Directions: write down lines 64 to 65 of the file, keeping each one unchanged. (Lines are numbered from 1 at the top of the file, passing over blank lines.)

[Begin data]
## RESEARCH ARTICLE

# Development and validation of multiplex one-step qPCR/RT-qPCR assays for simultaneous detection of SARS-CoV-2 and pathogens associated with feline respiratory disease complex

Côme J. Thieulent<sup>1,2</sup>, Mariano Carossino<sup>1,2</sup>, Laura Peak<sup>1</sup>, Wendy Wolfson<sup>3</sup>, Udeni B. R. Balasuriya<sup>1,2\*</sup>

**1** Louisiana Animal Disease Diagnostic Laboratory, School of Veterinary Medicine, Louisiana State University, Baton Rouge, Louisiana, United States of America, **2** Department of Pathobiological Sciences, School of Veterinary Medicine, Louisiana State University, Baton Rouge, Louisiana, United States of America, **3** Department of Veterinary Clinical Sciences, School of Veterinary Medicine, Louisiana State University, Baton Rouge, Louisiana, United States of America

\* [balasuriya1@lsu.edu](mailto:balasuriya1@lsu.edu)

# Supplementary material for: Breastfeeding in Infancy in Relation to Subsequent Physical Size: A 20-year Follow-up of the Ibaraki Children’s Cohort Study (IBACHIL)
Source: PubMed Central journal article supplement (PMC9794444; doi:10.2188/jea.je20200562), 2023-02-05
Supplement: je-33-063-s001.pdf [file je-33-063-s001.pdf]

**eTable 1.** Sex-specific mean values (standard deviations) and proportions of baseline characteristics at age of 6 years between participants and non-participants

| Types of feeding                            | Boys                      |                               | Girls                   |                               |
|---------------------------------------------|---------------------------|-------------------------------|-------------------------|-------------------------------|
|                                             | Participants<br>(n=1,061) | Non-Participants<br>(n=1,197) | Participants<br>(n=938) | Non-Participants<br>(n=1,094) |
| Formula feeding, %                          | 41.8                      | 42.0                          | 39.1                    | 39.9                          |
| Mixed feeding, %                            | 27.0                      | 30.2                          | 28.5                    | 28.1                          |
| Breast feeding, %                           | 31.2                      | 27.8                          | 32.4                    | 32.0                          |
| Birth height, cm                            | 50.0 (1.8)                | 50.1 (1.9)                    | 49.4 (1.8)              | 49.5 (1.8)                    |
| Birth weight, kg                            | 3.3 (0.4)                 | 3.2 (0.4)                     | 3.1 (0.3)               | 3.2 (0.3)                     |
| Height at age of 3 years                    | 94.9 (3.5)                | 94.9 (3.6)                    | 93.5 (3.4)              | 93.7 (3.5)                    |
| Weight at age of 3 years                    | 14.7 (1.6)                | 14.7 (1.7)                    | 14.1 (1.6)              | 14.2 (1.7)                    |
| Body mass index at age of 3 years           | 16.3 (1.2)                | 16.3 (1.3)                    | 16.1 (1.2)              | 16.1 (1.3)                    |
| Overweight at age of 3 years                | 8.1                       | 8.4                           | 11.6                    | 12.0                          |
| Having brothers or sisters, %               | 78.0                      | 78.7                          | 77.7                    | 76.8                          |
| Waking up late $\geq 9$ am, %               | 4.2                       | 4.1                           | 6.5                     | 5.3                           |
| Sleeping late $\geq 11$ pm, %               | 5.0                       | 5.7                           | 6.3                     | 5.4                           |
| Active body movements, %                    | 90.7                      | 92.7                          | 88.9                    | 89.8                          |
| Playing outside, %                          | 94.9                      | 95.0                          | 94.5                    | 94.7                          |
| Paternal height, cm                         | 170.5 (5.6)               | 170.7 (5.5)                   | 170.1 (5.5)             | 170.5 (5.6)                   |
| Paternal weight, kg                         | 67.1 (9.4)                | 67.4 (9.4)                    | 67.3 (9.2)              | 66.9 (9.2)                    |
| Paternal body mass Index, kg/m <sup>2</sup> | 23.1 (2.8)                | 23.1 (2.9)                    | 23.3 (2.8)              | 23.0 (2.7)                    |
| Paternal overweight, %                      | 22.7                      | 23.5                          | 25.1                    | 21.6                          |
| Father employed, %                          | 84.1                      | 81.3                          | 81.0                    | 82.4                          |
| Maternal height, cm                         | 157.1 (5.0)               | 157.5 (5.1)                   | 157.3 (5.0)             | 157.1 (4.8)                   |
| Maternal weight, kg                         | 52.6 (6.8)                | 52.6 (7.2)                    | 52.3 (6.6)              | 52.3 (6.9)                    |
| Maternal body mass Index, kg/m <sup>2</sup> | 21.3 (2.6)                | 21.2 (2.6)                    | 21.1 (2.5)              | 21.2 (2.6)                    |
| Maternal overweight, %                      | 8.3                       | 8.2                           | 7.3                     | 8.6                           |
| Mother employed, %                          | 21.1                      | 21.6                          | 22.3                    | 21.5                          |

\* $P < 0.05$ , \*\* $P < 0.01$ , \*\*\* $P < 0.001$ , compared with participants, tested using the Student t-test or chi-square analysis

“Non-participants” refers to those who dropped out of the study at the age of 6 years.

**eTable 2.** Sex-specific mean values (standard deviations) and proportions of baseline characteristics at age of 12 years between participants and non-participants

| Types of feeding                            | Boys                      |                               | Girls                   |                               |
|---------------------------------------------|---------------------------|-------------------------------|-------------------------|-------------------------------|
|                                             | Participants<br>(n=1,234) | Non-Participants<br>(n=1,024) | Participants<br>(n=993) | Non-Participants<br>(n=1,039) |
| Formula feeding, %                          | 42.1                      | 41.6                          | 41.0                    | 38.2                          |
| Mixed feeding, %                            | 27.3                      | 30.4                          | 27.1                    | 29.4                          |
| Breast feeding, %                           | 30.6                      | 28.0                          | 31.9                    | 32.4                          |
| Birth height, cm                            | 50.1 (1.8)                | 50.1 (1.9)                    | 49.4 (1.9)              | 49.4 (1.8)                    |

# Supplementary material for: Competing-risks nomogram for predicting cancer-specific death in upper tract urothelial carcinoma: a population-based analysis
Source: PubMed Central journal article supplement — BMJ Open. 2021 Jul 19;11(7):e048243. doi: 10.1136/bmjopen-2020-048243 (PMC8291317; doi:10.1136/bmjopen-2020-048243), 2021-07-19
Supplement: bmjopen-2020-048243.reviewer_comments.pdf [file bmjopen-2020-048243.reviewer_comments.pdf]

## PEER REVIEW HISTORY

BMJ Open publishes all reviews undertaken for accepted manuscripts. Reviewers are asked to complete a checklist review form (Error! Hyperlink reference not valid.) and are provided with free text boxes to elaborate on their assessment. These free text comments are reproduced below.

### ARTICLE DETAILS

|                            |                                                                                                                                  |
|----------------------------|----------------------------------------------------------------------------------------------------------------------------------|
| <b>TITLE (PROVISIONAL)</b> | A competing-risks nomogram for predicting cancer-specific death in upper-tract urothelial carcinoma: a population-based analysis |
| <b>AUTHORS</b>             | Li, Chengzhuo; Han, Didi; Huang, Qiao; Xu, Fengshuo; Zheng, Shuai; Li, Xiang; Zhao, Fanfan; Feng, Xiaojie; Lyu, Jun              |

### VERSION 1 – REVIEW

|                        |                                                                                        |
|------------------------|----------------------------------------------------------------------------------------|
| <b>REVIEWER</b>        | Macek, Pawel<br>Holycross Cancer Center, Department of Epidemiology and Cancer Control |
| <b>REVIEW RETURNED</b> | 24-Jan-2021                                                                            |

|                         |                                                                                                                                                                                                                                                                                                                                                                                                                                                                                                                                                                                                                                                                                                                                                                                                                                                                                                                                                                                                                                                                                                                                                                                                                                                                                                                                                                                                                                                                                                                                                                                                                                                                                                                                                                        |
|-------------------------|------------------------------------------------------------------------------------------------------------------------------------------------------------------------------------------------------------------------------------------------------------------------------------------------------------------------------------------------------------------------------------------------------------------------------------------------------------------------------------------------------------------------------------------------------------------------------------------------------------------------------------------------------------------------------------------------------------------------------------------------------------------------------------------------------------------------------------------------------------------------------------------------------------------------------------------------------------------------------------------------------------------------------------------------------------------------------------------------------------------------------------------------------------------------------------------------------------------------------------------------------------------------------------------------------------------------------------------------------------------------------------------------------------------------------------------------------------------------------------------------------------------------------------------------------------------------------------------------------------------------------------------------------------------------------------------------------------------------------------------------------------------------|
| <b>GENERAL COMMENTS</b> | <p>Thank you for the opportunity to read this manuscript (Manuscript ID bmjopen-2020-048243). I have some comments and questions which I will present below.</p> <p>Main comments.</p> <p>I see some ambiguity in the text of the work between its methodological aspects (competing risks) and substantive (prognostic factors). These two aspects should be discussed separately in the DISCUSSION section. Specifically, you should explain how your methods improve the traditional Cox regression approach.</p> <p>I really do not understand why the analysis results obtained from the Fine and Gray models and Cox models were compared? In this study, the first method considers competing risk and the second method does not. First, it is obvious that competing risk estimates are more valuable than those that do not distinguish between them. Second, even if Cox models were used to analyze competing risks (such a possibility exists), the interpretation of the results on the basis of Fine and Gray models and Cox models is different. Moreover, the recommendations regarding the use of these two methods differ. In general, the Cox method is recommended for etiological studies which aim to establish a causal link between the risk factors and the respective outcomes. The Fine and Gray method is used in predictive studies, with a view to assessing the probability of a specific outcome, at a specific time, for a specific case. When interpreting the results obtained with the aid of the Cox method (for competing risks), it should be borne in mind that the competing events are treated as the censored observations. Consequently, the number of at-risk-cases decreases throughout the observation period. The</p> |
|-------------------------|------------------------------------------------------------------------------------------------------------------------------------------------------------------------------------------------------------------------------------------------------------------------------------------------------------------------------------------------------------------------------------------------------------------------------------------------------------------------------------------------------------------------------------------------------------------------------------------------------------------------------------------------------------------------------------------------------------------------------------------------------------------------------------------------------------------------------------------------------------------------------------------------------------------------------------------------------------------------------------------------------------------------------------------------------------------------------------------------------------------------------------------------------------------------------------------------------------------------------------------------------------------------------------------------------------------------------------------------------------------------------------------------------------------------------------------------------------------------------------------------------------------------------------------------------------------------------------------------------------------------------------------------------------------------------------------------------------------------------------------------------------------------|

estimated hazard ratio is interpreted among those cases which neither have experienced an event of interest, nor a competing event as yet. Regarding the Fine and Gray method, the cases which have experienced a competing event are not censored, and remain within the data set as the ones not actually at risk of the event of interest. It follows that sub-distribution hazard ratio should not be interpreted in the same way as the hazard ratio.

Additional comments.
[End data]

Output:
| <b>GENERAL COMMENTS</b> | <p>Thank you for the opportunity to read this manuscript (Manuscript ID bmjopen-2020-048243). I have some comments and questions which I will present below.</p> <p>Main comments.</p> <p>I see some ambiguity in the text of the work between its methodological aspects (competing risks) and substantive (prognostic factors). These two aspects should be discussed separately in the DISCUSSION section. Specifically, you should explain how your methods improve the traditional Cox regression approach.</p> <p>I really do not understand why the analysis results obtained from the Fine and Gray models and Cox models were compared? In this study, the first method considers competing risk and the second method does not. First, it is obvious that competing risk estimates are more valuable than those that do not distinguish between them. Second, even if Cox models were used to analyze competing risks (such a possibility exists), the interpretation of the results on the basis of Fine and Gray models and Cox models is different. Moreover, the recommendations regarding the use of these two methods differ. In general, the Cox method is recommended for etiological studies which aim to establish a causal link between the risk factors and the respective outcomes. The Fine and Gray method is used in predictive studies, with a view to assessing the probability of a specific outcome, at a specific time, for a specific case. When interpreting the results obtained with the aid of the Cox method (for competing risks), it should be borne in mind that the competing events are treated as the censored observations. Consequently, the number of at-risk-cases decreases throughout the observation period. The</p> |
|-------------------------|------------------------------------------------------------------------------------------------------------------------------------------------------------------------------------------------------------------------------------------------------------------------------------------------------------------------------------------------------------------------------------------------------------------------------------------------------------------------------------------------------------------------------------------------------------------------------------------------------------------------------------------------------------------------------------------------------------------------------------------------------------------------------------------------------------------------------------------------------------------------------------------------------------------------------------------------------------------------------------------------------------------------------------------------------------------------------------------------------------------------------------------------------------------------------------------------------------------------------------------------------------------------------------------------------------------------------------------------------------------------------------------------------------------------------------------------------------------------------------------------------------------------------------------------------------------------------------------------------------------------------------------------------------------------------------------------------------------------------------------------------------------------|